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Quote:
Originally Posted by Henry0823 View Post
Background:

Company A LLC
Company A LLC is a Florida LLC. For tax purposes, this LLC is a Partnership. The company was formed in 2014 and at the time had 4 partners. Today the company has 3 partners.

Company A LLC current partners are as follows:
Company B LLC, a Wyoming LLC has 92.5% ownership
XXX LCC, a Florida LLC has 5% ownership
YYY LLC, a Florida LLC has 2.5% ownership
Company A provides IT staffing and Recruiting Services. Currently Joe has been responsible for all of the activities related to the company. We may have employees in the future, but currently Company A does not have any employees on payroll.

2016 will be the first profitable year for Company A. Profits are expected to be between $150k- $200k.

The current Manager of Company A is Company B LLC.

Company B LLC
Company B LLC is a Wyoming LLC and was formed a couple months earlier than Company A. It is essentially a holding company for Company A and any future companies that Joe may start or buy. For tax purposes, this LLC is currently a Disregarded Entity; however Joe is planning to convert it to an S Corp in the very near future (this week or next).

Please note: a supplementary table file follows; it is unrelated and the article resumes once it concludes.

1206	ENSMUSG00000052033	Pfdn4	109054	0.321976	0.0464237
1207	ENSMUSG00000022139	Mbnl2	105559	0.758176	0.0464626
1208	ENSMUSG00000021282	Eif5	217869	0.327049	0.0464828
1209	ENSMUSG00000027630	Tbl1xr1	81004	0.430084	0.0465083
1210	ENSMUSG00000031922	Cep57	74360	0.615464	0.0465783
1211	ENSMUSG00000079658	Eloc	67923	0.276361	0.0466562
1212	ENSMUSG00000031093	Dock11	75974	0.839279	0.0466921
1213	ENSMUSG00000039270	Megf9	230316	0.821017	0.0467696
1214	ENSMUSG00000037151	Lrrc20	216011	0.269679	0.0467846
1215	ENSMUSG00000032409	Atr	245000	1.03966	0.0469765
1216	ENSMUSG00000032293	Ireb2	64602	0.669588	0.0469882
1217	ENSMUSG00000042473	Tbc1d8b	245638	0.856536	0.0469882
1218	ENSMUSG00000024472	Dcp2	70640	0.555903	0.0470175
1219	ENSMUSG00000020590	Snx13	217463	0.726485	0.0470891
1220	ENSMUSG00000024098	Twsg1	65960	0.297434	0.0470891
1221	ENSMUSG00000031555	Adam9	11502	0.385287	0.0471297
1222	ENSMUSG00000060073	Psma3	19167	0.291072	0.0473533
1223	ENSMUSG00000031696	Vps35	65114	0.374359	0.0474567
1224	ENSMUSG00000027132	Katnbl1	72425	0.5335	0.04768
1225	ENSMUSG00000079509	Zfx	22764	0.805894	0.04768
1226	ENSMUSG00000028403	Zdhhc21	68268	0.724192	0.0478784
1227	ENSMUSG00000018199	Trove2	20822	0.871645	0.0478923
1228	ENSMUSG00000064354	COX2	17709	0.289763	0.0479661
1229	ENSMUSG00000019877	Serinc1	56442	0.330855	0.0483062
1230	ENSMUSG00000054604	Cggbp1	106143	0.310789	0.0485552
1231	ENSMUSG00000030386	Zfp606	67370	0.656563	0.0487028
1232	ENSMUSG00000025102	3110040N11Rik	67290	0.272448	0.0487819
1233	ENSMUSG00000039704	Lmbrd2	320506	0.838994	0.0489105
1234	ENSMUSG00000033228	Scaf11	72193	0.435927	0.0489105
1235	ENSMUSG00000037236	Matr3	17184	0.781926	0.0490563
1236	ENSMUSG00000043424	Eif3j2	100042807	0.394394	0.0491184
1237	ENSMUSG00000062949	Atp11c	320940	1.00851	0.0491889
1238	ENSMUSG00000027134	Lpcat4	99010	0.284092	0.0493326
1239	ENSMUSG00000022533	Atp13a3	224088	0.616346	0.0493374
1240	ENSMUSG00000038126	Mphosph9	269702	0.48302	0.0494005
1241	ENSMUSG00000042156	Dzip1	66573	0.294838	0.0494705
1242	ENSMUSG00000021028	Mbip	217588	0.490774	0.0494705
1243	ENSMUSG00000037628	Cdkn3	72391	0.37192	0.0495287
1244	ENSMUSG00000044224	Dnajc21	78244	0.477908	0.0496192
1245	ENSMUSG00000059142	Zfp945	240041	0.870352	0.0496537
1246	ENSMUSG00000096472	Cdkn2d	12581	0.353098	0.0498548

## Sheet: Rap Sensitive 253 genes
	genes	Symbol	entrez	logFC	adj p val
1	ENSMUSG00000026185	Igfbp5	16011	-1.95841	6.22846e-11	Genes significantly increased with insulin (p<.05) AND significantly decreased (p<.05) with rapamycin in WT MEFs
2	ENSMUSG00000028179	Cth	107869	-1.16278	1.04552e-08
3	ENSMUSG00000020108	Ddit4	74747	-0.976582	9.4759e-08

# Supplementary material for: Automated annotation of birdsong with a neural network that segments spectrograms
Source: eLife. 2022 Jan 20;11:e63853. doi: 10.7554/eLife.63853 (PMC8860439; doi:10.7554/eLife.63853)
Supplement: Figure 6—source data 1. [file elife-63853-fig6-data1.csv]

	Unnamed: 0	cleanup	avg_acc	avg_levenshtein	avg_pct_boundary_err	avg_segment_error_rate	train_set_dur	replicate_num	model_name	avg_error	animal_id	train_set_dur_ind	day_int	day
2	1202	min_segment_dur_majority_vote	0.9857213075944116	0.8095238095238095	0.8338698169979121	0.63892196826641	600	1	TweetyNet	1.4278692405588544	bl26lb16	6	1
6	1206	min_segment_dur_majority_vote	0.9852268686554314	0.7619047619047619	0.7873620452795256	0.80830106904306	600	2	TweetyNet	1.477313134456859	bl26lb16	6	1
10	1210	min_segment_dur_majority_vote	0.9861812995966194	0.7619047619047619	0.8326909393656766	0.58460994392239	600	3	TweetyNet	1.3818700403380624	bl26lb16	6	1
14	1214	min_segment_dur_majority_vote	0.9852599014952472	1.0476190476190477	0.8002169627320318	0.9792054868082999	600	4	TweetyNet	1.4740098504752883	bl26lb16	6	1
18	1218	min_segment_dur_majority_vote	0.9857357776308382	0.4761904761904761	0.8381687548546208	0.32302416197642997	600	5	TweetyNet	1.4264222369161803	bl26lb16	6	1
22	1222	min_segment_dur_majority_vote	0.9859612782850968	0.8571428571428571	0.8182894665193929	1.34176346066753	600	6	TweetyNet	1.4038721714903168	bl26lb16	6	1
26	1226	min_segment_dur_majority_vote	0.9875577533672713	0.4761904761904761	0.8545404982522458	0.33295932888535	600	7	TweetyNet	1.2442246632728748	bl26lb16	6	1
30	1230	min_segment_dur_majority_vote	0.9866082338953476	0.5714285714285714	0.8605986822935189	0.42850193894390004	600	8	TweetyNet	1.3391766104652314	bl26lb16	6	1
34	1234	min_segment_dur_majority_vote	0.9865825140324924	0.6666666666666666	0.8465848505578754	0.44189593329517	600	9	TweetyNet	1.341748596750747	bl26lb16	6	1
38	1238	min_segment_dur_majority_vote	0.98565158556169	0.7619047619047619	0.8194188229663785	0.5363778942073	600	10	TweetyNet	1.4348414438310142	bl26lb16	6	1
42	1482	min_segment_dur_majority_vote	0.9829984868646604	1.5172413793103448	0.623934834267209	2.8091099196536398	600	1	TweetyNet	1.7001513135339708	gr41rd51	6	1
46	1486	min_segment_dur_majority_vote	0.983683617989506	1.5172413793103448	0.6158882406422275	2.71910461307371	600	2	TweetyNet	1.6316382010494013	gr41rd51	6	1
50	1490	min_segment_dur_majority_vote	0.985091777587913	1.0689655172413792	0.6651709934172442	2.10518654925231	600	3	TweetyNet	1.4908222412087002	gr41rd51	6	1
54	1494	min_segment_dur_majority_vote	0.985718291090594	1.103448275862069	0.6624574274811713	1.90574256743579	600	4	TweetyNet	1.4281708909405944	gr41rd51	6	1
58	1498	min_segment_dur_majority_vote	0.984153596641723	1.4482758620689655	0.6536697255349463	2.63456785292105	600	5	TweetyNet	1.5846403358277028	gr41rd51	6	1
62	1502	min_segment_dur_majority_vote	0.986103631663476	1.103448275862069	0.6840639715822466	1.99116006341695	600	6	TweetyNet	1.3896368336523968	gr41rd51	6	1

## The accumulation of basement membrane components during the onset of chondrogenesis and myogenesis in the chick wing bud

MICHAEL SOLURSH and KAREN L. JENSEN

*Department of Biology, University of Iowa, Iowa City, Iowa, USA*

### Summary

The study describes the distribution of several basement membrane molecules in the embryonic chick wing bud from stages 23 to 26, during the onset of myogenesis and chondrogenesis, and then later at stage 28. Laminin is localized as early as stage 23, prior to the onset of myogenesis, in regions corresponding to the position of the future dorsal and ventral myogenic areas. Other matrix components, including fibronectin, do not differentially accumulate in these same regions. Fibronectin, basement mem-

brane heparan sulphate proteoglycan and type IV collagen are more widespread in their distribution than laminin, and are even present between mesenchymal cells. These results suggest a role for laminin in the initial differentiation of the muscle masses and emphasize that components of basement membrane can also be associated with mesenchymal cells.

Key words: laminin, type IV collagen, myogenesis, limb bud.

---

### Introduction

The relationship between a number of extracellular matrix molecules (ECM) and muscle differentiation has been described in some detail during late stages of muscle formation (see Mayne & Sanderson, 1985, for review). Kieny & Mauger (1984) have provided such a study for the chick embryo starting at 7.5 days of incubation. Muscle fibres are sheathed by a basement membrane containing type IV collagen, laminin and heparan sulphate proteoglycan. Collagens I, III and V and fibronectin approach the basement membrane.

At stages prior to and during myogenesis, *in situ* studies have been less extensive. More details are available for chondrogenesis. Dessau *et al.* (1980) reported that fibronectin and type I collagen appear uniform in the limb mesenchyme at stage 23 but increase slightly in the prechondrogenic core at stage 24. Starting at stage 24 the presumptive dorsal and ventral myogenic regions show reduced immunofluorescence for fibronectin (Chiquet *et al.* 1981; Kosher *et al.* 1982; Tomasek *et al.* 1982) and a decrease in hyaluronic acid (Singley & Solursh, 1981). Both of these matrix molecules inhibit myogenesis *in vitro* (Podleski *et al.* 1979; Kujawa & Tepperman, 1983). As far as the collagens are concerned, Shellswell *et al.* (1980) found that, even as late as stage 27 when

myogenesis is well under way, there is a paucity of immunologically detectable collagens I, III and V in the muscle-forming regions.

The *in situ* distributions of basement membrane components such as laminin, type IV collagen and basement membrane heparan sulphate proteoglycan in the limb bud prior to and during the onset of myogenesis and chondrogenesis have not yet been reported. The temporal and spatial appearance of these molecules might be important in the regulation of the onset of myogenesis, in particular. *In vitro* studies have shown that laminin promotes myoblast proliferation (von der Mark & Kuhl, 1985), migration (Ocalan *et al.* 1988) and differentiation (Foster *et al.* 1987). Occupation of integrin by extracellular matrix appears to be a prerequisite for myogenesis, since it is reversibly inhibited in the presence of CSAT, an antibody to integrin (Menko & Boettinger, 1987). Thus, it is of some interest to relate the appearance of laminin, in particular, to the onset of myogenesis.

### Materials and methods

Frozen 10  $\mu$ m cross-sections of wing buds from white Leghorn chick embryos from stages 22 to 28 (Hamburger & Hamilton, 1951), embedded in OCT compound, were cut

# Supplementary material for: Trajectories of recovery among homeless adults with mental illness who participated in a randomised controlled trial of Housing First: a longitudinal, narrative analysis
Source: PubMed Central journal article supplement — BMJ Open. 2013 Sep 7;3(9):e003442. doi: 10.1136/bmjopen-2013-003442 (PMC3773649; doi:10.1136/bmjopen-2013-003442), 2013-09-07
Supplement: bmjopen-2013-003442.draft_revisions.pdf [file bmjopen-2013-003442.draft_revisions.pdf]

The current Manager of Company B LLC is Joe.

Questions
1. So far this year, Company A has not disbursed any income to its Partners. Should Company B;s conversion to an S Corp occur before and income is disbursed?
2. Should Joe be on Company A;s payroll, Company B;s payroll, or both to minimize Joe;s overall tax burden?
3. If the answer is to #2 is that Joe should just be paid out of Company B;s payroll, should his salary be based on his work as a Manager of Company B and also Company A or should his payroll be based on his IT Recruiting work that he is doing on behalf of Company A? Essentially, I;m trying to figure out what an acceptable salary is for Joe that will minimize Payroll taxes.